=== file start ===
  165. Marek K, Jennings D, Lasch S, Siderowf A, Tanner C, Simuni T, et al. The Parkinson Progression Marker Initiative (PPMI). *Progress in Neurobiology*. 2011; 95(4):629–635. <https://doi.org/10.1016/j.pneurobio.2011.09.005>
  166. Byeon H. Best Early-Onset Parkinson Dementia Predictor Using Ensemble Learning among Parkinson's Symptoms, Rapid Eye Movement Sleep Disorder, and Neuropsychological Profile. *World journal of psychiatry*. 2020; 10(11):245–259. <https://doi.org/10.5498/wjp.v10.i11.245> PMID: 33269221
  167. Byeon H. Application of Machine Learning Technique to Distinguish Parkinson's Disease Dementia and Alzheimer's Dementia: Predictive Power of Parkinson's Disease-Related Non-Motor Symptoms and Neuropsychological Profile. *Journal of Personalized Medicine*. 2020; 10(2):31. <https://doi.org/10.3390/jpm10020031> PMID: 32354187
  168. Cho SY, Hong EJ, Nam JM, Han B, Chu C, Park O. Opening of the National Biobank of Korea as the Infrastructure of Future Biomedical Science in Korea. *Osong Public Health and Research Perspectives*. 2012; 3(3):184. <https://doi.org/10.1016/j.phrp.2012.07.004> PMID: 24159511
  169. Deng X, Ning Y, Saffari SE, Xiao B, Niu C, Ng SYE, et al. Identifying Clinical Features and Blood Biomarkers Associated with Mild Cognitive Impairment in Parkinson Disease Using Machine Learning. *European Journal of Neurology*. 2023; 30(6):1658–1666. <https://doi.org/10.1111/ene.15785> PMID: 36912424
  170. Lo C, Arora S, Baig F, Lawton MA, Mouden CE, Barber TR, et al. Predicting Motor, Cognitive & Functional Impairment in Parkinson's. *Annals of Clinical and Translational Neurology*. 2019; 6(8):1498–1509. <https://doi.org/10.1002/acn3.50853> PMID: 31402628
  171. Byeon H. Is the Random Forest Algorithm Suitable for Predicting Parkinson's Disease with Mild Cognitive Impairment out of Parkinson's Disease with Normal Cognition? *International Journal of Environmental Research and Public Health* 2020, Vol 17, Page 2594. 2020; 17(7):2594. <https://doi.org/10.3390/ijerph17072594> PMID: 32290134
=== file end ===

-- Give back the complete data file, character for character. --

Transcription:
  165. Marek K, Jennings D, Lasch S, Siderowf A, Tanner C, Simuni T, et al. The Parkinson Progression Marker Initiative (PPMI). *Progress in Neurobiology*. 2011; 95(4):629–635. <https://doi.org/10.1016/j.pneurobio.2011.09.005>
  166. Byeon H. Best Early-Onset Parkinson Dementia Predictor Using Ensemble Learning among Parkinson's Symptoms, Rapid Eye Movement Sleep Disorder, and Neuropsychological Profile. *World journal of psychiatry*. 2020; 10(11):245–259. <https://doi.org/10.5498/wjp.v10.i11.245> PMID: 33269221
  167. Byeon H. Application of Machine Learning Technique to Distinguish Parkinson's Disease Dementia and Alzheimer's Dementia: Predictive Power of Parkinson's Disease-Related Non-Motor Symptoms and Neuropsychological Profile. *Journal of Personalized Medicine*. 2020; 10(2):31. <https://doi.org/10.3390/jpm10020031> PMID: 32354187
  168. Cho SY, Hong EJ, Nam JM, Han B, Chu C, Park O. Opening of the National Biobank of Korea as the Infrastructure of Future Biomedical Science in Korea. *Osong Public Health and Research Perspectives*. 2012; 3(3):184. <https://doi.org/10.1016/j.phrp.2012.07.004> PMID: 24159511
  169. Deng X, Ning Y, Saffari SE, Xiao B, Niu C, Ng SYE, et al. Identifying Clinical Features and Blood Biomarkers Associated with Mild Cognitive Impairment in Parkinson Disease Using Machine Learning. *European Journal of Neurology*. 2023; 30(6):1658–1666. <https://doi.org/10.1111/ene.15785> PMID: 36912424
  170. Lo C, Arora S, Baig F, Lawton MA, Mouden CE, Barber TR, et al. Predicting Motor, Cognitive & Functional Impairment in Parkinson's. *Annals of Clinical and Translational Neurology*. 2019; 6(8):1498–1509. <https://doi.org/10.1002/acn3.50853> PMID: 31402628
  171. Byeon H. Is the Random Forest Algorithm Suitable for Predicting Parkinson's Disease with Mild Cognitive Impairment out of Parkinson's Disease with Normal Cognition? *International Journal of Environmental Research and Public Health* 2020, Vol 17, Page 2594. 2020; 17(7):2594. <https://doi.org/10.3390/ijerph17072594> PMID: 32290134